first_imgIn an effort to use the latest technological advancements to benefit families, the U.S. Department of Agriculture has awarded the University of Georgia College of Agricultural and Environmental Sciences a $72,000 grant.USDA Undersecretary for Rural Development Lisa Mensah made the formal announcement on Tuesday, Oct. 13, in front of UGA’s new Future Farmstead site, located on the CAES campus in Tifton, Georgia. The grant is aimed at sharing the technology and building methods used to construct the Future Farmstead, a net-zero energy project, with builders so they can construct affordable housing for south Georgia residents.USDA officials were on hand for a seminar with contractors and others to discuss the USDA Rural Development and UGA Research Foundation’s technology-sharing program and the program’s required guidelines. Additionally, USDA officials shared information on a loan program geared towards providing low-income families with greater opportunities to purchase a home.The loans are designed for families without adequate housing, but who can afford mortgage payments and have reasonable credit histories. Restrictions regarding annual income and the value of the home do apply. Local USDA staff can assist interested parties.“There is so much excitement surrounding the Future Farmstead project, and the chance that we can put that technology to use to help someone own their own home is exciting,” Mensah said. “This program is designed to help people in rural communities achieve those dreams.”Craig Kvien, the UGA professor who directed the planning and development of the Future Farmstead, said that incorporating the latest innovations featured in the farmstead “just makes sense.”“If your power bill averages $10 a month, you can take what you’re saving and roll that into a mortgage payment,” he said. “All of this technology is on the market. As a matter of fact, several builders are already using it and it works.”Mensah said the USDA Rural Development program has $200 billion in outstanding loans, making it the 14th largest bank in the world. The loans have a 1 percent interest rate with no down payment.“The goal is to get people to own more than they owe,” she said. “We’re asked all of the time how we can improve lives in rural America. This is it.”Andrew Young, former congressman, mayor of Atlanta and U.S. ambassador, joined Mensah and other members of the USDA staff in making the announcement. Young remarked that he always enjoyed returning to south Georgia, where he lived in the 1950s while serving as a pastor of a church in Thomasville, Georgia.“It’s always great to come back here, especially now for two big reasons – air conditioning and integration,” he said.Congressman Austin Scott also lauded the program as a way for rural Georgians to improve their lives. He also complimented Kvien and Joe West, assistant dean for the UGA Tifton Campus, on their drive to see the Future Farmstead project through. Quinton Robinson, USDA Rural Development director for Georgia, said he has a passion for low-income housing and that home ownership should be a lofty goal. “The net-zero concept is a great one and can mean a great deal to a lot of people,” he said. “But this won’t happen without a big push from the industry.”Mensah, staff members from regional USDA offices, including Tifton Director Fred Council, UGA staff and other interested parties toured the Future Farmstead site following the grant announcement.last_img read more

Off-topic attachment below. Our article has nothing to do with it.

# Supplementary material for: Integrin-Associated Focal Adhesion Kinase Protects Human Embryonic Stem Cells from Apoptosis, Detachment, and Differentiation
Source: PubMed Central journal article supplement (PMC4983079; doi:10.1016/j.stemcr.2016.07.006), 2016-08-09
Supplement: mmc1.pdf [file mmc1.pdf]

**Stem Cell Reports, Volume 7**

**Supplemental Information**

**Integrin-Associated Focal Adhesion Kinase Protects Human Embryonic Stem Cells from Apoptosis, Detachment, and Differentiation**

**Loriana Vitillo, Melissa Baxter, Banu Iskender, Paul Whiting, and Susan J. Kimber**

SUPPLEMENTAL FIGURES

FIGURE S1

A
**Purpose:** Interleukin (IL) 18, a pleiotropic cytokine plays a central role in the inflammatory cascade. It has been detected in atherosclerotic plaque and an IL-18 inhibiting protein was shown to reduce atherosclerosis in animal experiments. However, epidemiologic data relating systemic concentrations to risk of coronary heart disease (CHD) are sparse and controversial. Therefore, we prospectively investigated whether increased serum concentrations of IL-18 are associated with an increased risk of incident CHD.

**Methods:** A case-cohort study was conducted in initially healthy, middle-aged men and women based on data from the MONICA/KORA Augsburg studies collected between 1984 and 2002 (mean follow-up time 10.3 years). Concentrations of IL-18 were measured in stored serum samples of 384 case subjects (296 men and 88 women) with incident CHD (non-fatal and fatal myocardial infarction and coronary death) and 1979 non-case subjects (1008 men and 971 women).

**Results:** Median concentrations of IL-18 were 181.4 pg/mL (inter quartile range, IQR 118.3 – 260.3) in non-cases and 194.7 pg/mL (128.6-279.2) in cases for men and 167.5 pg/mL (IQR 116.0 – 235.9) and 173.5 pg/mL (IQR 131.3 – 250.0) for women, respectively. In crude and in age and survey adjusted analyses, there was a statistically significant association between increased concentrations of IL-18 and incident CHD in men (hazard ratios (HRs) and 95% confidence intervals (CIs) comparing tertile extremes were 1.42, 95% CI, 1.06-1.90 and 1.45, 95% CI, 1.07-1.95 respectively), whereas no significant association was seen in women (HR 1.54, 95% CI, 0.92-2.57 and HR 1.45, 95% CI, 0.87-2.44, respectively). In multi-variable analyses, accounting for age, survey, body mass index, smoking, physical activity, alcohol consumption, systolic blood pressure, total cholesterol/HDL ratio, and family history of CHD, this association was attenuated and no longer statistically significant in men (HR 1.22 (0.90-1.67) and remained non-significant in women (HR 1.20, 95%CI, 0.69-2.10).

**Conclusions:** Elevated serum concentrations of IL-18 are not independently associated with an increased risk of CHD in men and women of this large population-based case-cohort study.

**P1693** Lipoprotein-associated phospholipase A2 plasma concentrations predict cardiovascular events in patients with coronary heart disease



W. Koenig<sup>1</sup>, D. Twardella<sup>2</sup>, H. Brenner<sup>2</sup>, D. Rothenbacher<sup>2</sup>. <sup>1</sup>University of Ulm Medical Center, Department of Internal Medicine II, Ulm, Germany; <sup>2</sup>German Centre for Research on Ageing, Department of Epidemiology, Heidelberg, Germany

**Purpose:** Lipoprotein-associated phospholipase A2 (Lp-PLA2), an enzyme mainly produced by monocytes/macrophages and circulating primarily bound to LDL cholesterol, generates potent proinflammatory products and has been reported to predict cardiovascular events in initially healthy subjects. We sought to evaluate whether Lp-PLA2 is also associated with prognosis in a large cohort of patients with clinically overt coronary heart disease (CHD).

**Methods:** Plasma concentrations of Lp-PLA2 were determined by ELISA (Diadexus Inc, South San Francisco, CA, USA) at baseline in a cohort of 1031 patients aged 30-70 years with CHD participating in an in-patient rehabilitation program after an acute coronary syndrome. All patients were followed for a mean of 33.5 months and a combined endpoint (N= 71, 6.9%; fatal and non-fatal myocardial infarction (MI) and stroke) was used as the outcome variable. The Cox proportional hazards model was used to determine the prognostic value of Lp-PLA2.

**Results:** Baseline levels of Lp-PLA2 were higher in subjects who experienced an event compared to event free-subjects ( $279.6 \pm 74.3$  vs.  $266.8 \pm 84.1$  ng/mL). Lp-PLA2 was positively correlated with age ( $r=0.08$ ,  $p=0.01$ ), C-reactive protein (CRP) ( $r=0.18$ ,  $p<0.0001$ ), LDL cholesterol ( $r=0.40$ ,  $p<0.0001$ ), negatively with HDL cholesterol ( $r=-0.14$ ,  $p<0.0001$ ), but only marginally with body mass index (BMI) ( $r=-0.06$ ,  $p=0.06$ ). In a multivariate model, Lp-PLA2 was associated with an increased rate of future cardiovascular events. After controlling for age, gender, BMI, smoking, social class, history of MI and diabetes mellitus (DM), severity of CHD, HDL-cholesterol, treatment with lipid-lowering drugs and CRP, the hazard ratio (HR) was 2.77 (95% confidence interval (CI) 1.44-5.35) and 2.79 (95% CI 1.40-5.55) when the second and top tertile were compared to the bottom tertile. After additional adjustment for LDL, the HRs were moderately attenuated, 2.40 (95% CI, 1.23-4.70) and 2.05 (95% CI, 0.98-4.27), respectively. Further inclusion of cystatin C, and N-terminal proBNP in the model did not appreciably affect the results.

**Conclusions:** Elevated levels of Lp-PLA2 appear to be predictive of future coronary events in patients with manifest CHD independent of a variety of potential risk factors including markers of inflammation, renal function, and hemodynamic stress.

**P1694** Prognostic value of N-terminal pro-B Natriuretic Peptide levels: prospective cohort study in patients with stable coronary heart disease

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Peach Crop